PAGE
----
This is a very personal view of walking, with many deep insights and marvellous quotes. One of my favourites is by the historian G M Trevelyan (1913):

"I have two doctors, my left leg and my right. When body and mind are out of gear (...) I know that I shall have only to call on my doctors and I shall be well again."

It is gratifying also, that the Scottish Rights of Way Society is acknowledged within the book as being the oldest surviving society contributing to safeguarding the public right of access.

This is a fascinating and thought provoking read, which will challenge whatever assumptions you may have about the subject matter. Expect to negotiate the "meadowlands of your imagination."
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on 18 November 2003
This book is rather humbly subtitled a history of walking. But it is much more than that, this is a wonderful work of philosophy, imagination and wonder.
A history this book is rich and wide ranging. Yes we do get an almost Chatwin-esque detail of how walking has entered the western consciousness, but we also gain some wonderful insights into both the society of yesterday and today.
Consider just one little fragment: the significance of womens' love of shopping! Apparently, walking to the shops was virtually the only activity which Victorian society felt it appropriate that allowed women to venture out of the home on their own. So 'doing shopping' is about liberation, about revolution and gentle rebellion. Radical walking is certainly a feature of this book.
For me, there is nothing like walking hiking or treking. As Chatwin used to suggest, it is the most natural means of movement and transport. Even Bruce Chatwin at his most fantastical would have been astonished by the scope of this book.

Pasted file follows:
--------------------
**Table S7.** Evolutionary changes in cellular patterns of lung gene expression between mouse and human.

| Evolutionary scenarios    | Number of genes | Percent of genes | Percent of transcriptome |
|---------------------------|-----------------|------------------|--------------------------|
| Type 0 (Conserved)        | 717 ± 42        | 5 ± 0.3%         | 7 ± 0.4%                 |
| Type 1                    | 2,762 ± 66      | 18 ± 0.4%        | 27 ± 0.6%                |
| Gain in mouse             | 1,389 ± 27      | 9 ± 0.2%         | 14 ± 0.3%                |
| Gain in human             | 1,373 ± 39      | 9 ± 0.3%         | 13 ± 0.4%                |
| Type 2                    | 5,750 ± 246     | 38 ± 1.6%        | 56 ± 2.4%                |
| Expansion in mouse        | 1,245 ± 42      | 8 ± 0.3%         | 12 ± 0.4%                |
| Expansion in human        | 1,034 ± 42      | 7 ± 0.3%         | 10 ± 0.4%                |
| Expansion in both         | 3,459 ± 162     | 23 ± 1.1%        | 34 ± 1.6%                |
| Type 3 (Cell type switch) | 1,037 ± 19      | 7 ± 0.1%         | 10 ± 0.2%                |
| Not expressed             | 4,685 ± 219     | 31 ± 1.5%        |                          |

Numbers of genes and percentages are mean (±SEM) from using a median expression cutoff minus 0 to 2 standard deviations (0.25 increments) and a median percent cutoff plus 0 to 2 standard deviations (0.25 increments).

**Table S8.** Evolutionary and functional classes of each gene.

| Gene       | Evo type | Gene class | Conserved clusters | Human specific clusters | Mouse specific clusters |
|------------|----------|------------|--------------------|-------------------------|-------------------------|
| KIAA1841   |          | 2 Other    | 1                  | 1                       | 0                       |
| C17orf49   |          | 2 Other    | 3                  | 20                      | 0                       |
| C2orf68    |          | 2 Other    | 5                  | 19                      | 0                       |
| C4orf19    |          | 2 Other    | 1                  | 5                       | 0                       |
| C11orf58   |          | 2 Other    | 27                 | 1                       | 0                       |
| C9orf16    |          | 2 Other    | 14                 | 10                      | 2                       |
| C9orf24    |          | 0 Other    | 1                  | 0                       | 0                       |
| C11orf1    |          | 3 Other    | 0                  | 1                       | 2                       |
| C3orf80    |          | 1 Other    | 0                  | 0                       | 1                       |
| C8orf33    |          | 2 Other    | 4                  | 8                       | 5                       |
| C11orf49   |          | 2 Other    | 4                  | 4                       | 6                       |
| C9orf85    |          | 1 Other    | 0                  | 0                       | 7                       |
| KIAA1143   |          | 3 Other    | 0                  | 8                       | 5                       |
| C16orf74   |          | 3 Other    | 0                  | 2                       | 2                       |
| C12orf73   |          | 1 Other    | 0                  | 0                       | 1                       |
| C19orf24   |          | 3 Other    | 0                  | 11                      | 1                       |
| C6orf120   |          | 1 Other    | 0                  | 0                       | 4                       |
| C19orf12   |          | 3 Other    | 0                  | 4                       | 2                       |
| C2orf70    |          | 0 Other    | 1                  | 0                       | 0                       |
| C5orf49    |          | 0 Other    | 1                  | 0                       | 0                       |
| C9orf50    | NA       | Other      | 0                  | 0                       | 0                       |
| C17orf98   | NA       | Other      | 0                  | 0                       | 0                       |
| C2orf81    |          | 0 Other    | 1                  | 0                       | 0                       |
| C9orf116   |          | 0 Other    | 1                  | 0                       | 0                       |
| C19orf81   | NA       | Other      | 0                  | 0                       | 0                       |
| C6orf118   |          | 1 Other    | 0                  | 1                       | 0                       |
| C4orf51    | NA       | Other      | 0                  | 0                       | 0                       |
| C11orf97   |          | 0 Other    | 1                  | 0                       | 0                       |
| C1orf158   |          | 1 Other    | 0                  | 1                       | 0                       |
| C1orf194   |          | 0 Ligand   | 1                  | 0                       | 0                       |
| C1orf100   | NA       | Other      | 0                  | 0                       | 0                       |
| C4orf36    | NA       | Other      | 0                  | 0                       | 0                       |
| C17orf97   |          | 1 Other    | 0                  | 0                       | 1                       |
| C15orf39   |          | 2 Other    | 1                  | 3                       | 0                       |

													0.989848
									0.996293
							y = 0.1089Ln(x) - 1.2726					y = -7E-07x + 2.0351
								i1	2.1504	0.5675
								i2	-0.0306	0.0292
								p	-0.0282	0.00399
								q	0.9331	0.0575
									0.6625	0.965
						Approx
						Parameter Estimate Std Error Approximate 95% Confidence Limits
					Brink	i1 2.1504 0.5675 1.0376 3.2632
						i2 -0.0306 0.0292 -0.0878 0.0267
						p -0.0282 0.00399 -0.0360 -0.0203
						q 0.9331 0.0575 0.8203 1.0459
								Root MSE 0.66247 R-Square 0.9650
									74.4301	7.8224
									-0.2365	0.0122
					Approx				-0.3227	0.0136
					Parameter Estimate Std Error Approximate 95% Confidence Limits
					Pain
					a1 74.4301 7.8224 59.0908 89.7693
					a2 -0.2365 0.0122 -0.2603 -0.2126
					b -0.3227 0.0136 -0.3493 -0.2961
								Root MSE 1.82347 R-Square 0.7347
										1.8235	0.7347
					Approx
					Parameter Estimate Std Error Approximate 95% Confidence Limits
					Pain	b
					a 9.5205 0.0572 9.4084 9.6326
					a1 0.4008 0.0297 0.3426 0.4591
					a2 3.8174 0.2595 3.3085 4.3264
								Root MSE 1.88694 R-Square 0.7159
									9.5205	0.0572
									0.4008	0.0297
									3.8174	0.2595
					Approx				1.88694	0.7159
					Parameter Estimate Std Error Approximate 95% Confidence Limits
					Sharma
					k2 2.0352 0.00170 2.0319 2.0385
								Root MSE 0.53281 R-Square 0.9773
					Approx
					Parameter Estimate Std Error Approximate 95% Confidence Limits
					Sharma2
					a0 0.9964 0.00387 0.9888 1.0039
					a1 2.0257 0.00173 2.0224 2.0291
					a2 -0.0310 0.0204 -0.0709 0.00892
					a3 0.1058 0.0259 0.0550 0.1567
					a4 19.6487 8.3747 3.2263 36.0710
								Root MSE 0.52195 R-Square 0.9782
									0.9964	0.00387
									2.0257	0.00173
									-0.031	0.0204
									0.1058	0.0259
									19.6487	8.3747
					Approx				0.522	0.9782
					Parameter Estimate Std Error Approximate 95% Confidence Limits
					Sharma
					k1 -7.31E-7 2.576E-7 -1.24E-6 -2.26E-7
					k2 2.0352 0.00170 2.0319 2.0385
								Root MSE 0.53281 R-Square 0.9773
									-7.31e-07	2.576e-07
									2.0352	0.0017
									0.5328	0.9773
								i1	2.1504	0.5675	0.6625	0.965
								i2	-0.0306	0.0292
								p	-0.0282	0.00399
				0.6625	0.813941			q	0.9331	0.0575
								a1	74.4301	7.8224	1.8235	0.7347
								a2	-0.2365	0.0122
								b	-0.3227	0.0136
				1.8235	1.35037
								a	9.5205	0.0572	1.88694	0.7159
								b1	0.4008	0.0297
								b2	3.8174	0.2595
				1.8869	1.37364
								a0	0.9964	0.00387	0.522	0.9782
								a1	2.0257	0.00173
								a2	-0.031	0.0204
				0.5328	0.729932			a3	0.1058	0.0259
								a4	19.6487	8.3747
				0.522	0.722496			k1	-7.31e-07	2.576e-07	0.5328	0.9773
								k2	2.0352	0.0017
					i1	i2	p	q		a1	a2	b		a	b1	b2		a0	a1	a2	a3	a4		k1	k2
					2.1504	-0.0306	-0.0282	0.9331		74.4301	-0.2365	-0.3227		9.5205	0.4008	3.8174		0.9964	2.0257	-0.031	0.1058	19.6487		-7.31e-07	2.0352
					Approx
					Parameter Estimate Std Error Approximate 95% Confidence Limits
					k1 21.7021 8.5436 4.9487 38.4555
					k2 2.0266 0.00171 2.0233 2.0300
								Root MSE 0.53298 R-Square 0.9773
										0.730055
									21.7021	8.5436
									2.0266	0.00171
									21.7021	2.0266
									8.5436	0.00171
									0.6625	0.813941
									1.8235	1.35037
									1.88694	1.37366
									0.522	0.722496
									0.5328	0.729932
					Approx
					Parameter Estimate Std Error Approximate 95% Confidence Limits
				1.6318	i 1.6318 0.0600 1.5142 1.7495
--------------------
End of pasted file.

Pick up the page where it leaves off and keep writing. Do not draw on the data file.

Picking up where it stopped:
Since Wanderlust's publication I have bought this for several walkers and the first thing they have done after finishing it is to have bought another copy for a friend. If you are a walker then this is an essential text.
But just because this is about walking doesn't mean that this is somehow boring or of a certain nice. Consider some of the Chapter headings. yes they include titles like 'The Legs of William Wordsworth' and 'Of Walking Clubs and Land Wars'. But here there is also 'Paris, or Botanizing on the Ashphalt', 'The Mind at Three Miles an Hour', 'Walking After Midnight: Women, Sex and Public Space' and, lastly, 'Las Vegas, or the Longest Distance Between Two Points'.
This is unique. It is fascinating, authoritative, quirky and entertaining.
If you like walking, over mountains or just strolling after lunch, than this is a book for you. Truly original.
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on 4 October 2009
I have always enjoyed walking: I walk to work every morning and back home in the evening, I adore walking in the mountains and the outdoors in general, when we still had a dog I used to take him out for a walk twice a day, ... but somehow, I never gave this a second thought. After all, what could be more natural for 'bipedal mammals' such as ourselves than to walk? But Rebecca Solnit's wonderful book utterly convinced me that there's loads to be said about walking. In the very first chapter of 'Moby-Dick', Melville claims that 'meditation and water are wedded for ever.' Well, I am now convinced (or perhaps I should say 'have become conscious of the fact') that walking can claim the very same.